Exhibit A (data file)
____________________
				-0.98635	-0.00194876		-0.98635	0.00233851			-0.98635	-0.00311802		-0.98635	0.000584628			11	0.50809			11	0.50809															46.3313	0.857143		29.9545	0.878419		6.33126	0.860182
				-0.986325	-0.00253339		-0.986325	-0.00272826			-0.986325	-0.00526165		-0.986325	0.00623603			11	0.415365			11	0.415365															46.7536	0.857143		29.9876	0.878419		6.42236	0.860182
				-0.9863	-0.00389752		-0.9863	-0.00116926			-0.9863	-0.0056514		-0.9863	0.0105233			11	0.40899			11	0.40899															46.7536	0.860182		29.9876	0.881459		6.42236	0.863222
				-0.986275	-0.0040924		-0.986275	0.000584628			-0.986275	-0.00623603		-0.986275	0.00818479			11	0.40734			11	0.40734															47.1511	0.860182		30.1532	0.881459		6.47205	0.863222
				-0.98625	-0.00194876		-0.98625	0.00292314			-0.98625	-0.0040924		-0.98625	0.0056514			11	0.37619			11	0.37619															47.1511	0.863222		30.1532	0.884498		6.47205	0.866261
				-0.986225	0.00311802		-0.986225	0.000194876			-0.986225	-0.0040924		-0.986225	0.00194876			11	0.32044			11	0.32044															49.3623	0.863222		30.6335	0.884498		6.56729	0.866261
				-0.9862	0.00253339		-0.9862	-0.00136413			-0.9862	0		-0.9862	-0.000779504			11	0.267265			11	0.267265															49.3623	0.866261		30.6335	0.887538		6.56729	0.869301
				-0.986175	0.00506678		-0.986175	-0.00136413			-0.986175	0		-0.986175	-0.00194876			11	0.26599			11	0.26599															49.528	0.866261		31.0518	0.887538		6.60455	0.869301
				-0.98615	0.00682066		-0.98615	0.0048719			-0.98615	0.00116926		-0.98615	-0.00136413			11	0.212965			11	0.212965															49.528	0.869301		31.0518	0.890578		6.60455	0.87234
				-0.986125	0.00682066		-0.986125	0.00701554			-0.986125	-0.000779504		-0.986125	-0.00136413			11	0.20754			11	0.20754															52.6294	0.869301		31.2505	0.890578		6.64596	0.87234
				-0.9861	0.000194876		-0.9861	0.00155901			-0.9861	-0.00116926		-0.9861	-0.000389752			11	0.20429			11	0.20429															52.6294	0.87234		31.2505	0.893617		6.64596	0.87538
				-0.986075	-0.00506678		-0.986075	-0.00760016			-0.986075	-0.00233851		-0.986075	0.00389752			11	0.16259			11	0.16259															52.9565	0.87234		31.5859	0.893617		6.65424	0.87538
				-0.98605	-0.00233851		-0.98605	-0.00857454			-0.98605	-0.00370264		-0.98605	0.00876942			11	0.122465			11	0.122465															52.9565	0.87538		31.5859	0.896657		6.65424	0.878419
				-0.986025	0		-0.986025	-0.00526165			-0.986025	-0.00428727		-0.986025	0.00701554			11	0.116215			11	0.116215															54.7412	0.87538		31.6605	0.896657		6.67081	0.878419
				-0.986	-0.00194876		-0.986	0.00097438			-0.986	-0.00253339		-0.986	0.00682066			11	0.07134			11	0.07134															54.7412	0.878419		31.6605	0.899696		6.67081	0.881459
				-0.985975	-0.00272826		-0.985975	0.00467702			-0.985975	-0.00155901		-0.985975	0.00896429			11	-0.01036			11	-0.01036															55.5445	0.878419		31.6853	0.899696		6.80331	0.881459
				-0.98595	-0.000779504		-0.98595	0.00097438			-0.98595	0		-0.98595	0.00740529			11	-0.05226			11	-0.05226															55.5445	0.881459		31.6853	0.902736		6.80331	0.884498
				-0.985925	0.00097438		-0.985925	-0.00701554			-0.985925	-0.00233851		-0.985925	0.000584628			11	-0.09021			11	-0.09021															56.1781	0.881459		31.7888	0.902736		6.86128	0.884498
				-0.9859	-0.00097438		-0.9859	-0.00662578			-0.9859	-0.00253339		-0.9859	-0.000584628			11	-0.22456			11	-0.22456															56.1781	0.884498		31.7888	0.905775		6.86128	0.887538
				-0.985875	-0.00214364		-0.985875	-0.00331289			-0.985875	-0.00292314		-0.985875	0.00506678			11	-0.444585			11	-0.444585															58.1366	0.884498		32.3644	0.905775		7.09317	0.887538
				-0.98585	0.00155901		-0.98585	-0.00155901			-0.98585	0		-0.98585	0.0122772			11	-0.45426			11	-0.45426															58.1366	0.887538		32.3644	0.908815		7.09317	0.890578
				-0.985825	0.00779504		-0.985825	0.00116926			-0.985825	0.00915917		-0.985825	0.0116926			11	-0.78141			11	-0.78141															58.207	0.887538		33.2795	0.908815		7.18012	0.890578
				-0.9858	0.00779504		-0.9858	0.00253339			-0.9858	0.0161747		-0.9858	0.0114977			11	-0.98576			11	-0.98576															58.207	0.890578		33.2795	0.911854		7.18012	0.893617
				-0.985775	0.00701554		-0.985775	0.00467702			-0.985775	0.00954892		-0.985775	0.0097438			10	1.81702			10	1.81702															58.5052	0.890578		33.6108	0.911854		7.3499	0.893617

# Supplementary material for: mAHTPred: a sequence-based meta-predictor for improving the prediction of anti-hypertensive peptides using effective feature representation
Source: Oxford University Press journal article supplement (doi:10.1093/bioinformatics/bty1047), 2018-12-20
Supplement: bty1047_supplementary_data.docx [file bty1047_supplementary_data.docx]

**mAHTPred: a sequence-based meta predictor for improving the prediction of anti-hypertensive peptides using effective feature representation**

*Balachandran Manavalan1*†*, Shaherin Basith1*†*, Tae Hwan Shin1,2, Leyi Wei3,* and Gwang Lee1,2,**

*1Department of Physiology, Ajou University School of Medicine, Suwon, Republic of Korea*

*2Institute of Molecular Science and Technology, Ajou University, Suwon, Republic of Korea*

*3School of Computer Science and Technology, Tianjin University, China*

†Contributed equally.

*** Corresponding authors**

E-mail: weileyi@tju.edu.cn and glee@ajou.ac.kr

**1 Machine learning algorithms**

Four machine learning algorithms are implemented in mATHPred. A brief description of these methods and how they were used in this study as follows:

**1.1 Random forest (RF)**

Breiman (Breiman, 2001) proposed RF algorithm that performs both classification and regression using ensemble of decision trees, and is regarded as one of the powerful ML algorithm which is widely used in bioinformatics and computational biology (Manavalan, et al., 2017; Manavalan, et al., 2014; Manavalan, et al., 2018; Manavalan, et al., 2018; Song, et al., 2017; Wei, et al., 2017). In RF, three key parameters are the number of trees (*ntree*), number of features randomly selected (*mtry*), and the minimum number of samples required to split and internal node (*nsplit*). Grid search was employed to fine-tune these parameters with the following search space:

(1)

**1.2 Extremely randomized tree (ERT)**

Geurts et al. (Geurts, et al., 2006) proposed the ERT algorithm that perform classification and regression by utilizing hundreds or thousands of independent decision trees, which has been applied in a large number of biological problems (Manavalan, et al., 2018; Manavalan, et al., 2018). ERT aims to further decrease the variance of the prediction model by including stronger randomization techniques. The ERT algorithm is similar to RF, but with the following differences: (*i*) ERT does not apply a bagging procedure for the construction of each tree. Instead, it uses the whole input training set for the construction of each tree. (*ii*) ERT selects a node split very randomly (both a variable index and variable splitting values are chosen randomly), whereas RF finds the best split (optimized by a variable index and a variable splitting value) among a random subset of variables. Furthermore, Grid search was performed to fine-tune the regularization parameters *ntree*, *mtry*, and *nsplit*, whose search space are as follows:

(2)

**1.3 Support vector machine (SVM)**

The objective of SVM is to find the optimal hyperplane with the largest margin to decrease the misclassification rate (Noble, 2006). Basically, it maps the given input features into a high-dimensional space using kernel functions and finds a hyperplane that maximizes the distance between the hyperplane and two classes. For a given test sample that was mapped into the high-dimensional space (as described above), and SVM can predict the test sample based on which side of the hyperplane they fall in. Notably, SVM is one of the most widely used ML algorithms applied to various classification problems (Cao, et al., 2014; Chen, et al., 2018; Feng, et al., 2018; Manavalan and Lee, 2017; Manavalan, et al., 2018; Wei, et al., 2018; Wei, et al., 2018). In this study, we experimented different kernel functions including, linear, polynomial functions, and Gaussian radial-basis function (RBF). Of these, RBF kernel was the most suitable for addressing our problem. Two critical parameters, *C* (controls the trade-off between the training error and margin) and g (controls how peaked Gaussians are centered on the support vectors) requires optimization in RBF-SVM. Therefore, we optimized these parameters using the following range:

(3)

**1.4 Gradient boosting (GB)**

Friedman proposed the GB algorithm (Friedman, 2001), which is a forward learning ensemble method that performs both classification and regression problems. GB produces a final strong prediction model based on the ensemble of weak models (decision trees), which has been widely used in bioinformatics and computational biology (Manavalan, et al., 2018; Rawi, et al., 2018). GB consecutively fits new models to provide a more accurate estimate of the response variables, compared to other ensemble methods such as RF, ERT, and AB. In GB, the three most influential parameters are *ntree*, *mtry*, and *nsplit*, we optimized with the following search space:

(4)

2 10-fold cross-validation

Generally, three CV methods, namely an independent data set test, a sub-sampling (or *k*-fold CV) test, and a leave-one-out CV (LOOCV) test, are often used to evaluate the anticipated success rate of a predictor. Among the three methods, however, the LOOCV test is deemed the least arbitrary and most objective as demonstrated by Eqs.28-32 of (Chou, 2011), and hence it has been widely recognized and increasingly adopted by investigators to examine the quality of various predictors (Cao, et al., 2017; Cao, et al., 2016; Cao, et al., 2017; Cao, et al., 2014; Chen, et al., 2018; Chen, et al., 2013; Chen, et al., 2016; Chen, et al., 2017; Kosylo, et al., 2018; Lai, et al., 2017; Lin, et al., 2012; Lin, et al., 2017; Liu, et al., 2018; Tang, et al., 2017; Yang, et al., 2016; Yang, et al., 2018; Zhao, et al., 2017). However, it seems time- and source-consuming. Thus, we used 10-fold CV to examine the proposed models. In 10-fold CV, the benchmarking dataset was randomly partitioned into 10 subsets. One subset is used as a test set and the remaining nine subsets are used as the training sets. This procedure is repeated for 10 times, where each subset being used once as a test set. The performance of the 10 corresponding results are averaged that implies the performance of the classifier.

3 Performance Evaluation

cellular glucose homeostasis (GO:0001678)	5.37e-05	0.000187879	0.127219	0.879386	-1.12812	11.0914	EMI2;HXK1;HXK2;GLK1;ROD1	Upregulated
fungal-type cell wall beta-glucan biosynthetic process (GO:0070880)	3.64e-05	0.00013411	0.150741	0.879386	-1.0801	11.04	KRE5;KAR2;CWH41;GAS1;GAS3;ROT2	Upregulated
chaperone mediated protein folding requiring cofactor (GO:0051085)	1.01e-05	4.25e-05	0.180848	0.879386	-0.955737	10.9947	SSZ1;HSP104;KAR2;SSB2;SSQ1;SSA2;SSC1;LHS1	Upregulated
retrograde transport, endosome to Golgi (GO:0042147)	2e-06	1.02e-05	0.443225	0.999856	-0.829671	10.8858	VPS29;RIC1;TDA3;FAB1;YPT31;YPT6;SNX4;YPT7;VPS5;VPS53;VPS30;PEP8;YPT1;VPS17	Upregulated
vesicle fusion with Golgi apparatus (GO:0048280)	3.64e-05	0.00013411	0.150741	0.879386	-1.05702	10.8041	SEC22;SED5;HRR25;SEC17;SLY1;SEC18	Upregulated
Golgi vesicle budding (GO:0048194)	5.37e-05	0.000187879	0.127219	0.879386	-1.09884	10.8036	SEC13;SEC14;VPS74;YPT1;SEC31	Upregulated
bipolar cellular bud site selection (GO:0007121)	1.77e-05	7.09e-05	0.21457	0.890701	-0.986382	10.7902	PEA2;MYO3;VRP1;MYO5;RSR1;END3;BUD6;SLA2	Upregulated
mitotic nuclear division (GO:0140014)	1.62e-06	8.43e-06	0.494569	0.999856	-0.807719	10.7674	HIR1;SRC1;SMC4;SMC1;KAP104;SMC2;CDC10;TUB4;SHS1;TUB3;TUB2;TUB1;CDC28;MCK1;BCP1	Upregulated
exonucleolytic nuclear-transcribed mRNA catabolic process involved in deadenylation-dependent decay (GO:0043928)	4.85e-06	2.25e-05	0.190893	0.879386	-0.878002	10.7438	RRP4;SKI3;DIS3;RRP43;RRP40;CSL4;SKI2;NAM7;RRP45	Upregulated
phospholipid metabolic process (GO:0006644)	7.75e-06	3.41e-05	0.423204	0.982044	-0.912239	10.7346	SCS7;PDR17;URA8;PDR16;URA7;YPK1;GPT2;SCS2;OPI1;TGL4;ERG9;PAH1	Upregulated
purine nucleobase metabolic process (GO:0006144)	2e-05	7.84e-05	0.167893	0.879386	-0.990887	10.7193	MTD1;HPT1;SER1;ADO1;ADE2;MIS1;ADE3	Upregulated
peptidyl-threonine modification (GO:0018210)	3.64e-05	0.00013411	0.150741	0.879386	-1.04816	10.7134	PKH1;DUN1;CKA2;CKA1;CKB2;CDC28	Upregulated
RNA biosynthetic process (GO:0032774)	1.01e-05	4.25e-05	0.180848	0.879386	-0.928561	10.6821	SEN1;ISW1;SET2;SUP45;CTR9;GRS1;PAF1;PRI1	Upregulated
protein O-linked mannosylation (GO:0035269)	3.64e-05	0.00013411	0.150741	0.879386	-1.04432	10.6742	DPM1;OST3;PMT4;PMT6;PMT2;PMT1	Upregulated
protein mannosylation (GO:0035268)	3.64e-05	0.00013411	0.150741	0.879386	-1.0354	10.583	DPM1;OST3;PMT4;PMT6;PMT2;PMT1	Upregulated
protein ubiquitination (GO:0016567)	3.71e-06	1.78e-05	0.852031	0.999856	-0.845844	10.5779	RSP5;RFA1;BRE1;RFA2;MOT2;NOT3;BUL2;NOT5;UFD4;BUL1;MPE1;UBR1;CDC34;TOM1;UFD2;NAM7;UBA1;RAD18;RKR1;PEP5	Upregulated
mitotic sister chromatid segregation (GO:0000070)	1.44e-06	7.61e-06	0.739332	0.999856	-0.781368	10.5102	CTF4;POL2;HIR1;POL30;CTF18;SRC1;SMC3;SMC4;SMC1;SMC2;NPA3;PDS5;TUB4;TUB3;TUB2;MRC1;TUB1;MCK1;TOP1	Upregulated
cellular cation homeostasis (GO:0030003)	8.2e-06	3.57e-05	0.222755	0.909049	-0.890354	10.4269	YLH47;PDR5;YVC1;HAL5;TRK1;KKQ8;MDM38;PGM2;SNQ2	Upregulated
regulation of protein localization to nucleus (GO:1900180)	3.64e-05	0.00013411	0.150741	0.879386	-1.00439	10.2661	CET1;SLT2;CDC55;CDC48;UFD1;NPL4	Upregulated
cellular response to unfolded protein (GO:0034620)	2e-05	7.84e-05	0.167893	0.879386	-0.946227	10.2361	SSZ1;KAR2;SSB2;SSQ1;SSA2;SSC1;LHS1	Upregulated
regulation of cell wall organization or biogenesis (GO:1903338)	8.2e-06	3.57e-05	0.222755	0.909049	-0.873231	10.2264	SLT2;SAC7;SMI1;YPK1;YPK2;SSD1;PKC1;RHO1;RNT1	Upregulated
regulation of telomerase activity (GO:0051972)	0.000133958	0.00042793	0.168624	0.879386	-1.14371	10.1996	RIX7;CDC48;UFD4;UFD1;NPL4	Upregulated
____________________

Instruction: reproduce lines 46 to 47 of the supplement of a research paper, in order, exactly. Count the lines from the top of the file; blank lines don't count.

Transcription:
(3)

**1.4 Gradient boosting (GB)**